Earthquake Monitoring Network Upgrade Blog
We have been very busy working across Canada to upgrade the network. Sixty–seven stations installed with new seismic sensors!! All that from August 2016 to September 2017. Check out the map – blue diamonds are the sites that have been upgraded.
The next two blog stories will feature northern Ontario’s recent upgrades. In the meantime, a bit more about seismicity in northern Ontario.
Northern Ontario usually has a very low level of seismic activity. The map below shows the location of 176-recorded earthquakes since 1985:
- One event was magnitude 4.2 in 2006 (62km northwest from Cochrane);
- Eighteen events ranged in magnitude 3.0 to 3.8;
- the rest less than magnitude 3;
- Twenty-one of the 176 earthquakes were felt.
In the past, two magnitude 5 earthquakes occurred in northeastern Ontario: northeast of Kapuskasing in 1928 and northern Michigan (United States) in 1905.
Why do we have seismic stations in Northern Ontario if the seismic activity is usually very low? Seismic hazard assessment!
It is important to be able to assess seismic hazard in all parts of the country. Seismic hazard analysis provides information to the National Building Code of Canada. Knowing how to design and build structures to withstand potential seismicity in an area allows for safer building practices.
Back in 1982, Atomic Energy of Canada Limited wanted to look at seismicity rates and patterns in northern Ontario*. This was to study seismic hazard estimates for structures including potential nuclear waste repositories. Many stations are required in order to accurately locate smaller magnitude (M < 3) earthquakes. At that time, there were only three stations (Lakehead, Sudbury and Kirkland Lake; now closed). To do the study, six new stations were installed (Sioux Lookout, Thunder Bay, Geraldton, Kapuskasing, Eldee, Chalk River). More stations permitted the location of smaller earthquakes. As well, having more data on the frequency of smaller earthquakes provides information on frequency of rare larger events.
To view seismicity in northern Ontario during the last 30 days, click here: http://www.earthquakescanada.nrcan.gc.ca/index-en.php?CHIS_SZ=non
Come back next week to read Blog 11: Part 1 - Northern Ontario Station Upgrades!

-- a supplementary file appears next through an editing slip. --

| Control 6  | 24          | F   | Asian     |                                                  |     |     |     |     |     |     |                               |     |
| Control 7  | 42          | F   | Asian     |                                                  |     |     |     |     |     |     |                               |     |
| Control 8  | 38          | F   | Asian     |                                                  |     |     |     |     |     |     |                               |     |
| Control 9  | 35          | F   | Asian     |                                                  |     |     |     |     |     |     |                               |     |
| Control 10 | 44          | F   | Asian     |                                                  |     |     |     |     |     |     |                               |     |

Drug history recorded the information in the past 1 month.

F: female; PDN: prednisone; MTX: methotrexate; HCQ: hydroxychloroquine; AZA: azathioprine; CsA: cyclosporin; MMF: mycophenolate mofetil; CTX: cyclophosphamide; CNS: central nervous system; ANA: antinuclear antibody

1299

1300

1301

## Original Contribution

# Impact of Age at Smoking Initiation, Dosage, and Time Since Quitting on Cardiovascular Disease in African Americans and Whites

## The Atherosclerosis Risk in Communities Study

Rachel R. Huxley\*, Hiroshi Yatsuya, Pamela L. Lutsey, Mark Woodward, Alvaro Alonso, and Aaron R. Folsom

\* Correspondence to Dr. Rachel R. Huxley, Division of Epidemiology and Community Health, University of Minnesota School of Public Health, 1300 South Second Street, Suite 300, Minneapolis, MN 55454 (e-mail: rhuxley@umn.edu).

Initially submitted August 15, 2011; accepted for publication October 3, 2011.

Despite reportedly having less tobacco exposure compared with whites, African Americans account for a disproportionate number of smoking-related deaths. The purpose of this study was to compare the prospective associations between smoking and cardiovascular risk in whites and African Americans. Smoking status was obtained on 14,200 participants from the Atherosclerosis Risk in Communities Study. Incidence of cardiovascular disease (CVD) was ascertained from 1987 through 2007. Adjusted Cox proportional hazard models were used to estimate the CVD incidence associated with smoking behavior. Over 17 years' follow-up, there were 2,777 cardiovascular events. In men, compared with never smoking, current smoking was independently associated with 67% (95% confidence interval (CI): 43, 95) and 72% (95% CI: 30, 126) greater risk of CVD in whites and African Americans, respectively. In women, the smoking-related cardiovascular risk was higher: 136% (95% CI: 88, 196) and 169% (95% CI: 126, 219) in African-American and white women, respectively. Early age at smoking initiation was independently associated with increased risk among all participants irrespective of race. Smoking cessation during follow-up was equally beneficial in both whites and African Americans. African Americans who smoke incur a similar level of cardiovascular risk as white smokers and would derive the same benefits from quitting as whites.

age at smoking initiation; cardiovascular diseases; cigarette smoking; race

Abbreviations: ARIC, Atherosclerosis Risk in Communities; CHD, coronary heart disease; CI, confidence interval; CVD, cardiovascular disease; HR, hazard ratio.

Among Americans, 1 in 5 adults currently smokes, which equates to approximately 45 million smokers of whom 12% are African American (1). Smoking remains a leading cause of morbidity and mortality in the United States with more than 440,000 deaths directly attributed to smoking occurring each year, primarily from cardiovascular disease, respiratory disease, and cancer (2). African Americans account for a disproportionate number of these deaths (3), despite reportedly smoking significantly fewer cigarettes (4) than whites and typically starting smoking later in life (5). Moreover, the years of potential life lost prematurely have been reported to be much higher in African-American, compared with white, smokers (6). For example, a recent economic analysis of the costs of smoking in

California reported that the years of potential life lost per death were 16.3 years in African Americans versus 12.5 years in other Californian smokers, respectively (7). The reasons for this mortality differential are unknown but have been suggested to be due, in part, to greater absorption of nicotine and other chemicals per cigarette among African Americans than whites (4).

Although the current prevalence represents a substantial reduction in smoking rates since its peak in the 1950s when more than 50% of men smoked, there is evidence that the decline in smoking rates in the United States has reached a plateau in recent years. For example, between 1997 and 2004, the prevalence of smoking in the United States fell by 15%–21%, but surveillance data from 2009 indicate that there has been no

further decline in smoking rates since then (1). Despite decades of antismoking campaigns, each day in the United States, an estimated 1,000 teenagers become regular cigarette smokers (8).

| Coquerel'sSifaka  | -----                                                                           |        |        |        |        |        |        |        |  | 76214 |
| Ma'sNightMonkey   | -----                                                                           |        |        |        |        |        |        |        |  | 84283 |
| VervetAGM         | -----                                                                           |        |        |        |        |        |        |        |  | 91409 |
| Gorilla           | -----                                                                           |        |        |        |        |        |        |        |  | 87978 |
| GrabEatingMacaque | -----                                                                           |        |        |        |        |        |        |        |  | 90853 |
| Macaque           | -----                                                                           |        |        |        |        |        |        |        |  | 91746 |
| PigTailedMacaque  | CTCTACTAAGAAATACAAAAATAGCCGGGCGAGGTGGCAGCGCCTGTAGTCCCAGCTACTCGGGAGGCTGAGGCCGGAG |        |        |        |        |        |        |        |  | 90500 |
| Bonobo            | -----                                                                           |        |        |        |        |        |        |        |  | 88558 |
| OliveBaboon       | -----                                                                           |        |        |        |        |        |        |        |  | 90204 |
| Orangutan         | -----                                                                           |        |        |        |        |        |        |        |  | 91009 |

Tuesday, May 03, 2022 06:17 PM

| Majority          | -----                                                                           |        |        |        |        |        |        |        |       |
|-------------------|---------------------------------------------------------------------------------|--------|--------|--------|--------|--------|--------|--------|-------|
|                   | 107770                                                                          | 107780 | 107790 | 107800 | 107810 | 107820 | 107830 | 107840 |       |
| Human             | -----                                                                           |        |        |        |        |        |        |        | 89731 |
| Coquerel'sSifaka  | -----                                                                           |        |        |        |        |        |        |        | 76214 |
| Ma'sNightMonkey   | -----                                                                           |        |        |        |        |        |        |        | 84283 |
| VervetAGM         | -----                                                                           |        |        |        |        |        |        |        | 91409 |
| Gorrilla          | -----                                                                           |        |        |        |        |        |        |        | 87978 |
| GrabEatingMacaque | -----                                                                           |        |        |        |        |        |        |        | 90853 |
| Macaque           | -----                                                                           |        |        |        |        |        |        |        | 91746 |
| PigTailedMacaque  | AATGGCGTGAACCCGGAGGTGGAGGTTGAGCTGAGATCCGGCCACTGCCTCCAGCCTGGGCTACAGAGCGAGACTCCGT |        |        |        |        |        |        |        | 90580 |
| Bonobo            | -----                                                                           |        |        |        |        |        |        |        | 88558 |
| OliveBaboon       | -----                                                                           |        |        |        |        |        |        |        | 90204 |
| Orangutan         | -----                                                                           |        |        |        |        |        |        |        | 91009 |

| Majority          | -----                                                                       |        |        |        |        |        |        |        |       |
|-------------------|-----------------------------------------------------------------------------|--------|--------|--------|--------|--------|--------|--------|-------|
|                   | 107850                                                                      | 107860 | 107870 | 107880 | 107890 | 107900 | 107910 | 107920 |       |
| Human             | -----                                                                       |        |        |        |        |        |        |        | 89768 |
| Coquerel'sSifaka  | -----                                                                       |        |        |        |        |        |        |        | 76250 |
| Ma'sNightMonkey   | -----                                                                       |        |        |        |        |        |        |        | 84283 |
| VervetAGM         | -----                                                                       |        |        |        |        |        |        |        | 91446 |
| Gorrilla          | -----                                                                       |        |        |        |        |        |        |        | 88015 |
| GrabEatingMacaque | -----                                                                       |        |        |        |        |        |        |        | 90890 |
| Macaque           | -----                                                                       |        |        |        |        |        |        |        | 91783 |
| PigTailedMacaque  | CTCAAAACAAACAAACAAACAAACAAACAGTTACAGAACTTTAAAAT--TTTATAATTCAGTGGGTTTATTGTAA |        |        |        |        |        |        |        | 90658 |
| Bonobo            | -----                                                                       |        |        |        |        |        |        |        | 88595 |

Additional information and references:
The Pacific Coast is the most earthquake-prone region of Canada. Around 400 earthquakes occur each year in the region from the north end of Vancouver Island, British Columbia (BC), Canada to Seattle, Washington, U.S.
Can you believe it? In January 1700, a magnitude 9 earthquake occurred off the coast of Vancouver Island! There is evidence found in Vancouver Island First Nations’ oral history of a large tsunami destroying a village at Pachena Bay on the west coast of the island. Also, a written record of tsunami damage along the east coast of Japan gives us a date and time for the event.
So far, the largest recorded earthquake in BC occurred in August 1949. It was a magnitude 8.1 earthquake offshore Queen Charlotte Islands.
Students are hired to help Natural Resources Canada (NRCan) staff with construction and installations, as part of the network upgrade. Their support helps the multi-year task of upgrading all the stations in Canada’s seismic network. Here’s a report from one student working from our office in Sidney, BC:
Hello, my name is Erin Greeves. I am a Co-op student working for the Canadian Hazard Information Service under Natural Resources Canada. Over the past seven months I have had the privilege to work with Shayla Brown (Co-op student), Rick Hall and Tim Claydon (NRCan staff).
We have traveled all over Vancouver Island and part of the mainland of British Columbia. Our main focus over the summer and fall was to deploy and upgrade earthquake monitoring stations. We managed to complete five stations over that course of time, three of which were new sites that not only required new instruments, but also concrete foundations, new solar panels, solar panel mounts, kiosks, batteries, etc. The whole kit, starting with building a frame for the concrete!
Take a look at some pictures of the various sites we completed.
We managed to get this site done in two days even with the temperature around 34 degrees Celsius in direct sunlight!
This site was completely infested with ants, who had managed to create a whole series of tunnels through the insulation in the vault. Plus some spiders that managed to co habitat the vault too.
Come back soon to find out how many stations have been upgraded in the 2016 field season!
For more information visit Products, Publications, and Research on Earthquakes Canada website and to see the references for this blog:
GeoFact sheet: Earthquakes in southwestern British Columbia
Significant Canadian earthquakes 1600-2006; Lamontagne, M; Halchuk, S; Cassidy, J F; Rogers, G C. Geological Survey of Canada, Open File 5539, 2007, ; 32 pages; 1 CD-ROM, doi:10.4095/224164
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